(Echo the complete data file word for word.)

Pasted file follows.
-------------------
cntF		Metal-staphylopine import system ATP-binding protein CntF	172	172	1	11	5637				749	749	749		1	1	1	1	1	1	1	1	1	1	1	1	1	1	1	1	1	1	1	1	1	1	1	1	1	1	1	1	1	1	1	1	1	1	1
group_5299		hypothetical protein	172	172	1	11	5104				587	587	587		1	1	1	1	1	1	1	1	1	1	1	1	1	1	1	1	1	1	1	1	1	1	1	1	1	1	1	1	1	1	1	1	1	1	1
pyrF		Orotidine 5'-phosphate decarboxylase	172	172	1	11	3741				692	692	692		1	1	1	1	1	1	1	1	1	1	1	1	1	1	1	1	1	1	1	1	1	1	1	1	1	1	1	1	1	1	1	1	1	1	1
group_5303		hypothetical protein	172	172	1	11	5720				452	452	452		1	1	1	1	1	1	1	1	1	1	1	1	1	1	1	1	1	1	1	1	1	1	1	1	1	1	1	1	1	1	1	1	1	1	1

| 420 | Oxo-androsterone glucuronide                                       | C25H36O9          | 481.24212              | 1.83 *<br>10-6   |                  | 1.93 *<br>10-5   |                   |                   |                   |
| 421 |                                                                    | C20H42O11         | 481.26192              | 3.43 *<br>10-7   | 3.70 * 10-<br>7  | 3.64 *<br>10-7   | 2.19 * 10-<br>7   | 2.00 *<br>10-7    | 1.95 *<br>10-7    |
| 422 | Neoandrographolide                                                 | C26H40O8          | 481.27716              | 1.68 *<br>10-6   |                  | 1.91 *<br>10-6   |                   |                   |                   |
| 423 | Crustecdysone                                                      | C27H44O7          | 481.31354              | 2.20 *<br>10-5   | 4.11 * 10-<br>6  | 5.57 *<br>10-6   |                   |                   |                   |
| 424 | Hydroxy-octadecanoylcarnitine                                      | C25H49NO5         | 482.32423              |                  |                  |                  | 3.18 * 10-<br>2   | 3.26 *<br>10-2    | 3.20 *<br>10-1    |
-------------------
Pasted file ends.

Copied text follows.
cntF		Metal-staphylopine import system ATP-binding protein CntF	172	172	1	11	5637				749	749	749		1	1	1	1	1	1	1	1	1	1	1	1	1	1	1	1	1	1	1	1	1	1	1	1	1	1	1	1	1	1	1	1	1	1	1
group_5299		hypothetical protein	172	172	1	11	5104				587	587	587		1	1	1	1	1	1	1	1	1	1	1	1	1	1	1	1	1	1	1	1	1	1	1	1	1	1	1	1	1	1	1	1	1	1	1
pyrF		Orotidine 5'-phosphate decarboxylase	172	172	1	11	3741				692	692	692		1	1	1	1	1	1	1	1	1	1	1	1	1	1	1	1	1	1	1	1	1	1	1	1	1	1	1	1	1	1	1	1	1	1	1
group_5303		hypothetical protein	172	172	1	11	5720				452	452	452		1	1	1	1	1	1	1	1	1	1	1	1	1	1	1	1	1	1	1	1	1	1	1	1	1	1	1	1	1	1	1	1	1	1	1

| 420 | Oxo-androsterone glucuronide                                       | C25H36O9          | 481.24212              | 1.83 *<br>10-6   |                  | 1.93 *<br>10-5   |                   |                   |                   |
| 421 |                                                                    | C20H42O11         | 481.26192              | 3.43 *<br>10-7   | 3.70 * 10-<br>7  | 3.64 *<br>10-7   | 2.19 * 10-<br>7   | 2.00 *<br>10-7    | 1.95 *<br>10-7    |
| 422 | Neoandrographolide                                                 | C26H40O8          | 481.27716              | 1.68 *<br>10-6   |                  | 1.91 *<br>10-6   |                   |                   |                   |
| 423 | Crustecdysone                                                      | C27H44O7          | 481.31354              | 2.20 *<br>10-5   | 4.11 * 10-<br>6  | 5.57 *<br>10-6   |                   |                   |                   |
| 424 | Hydroxy-octadecanoylcarnitine                                      | C25H49NO5         | 482.32423              |                  |                  |                  | 3.18 * 10-<br>2   | 3.26 *<br>10-2    | 3.20 *<br>10-1    |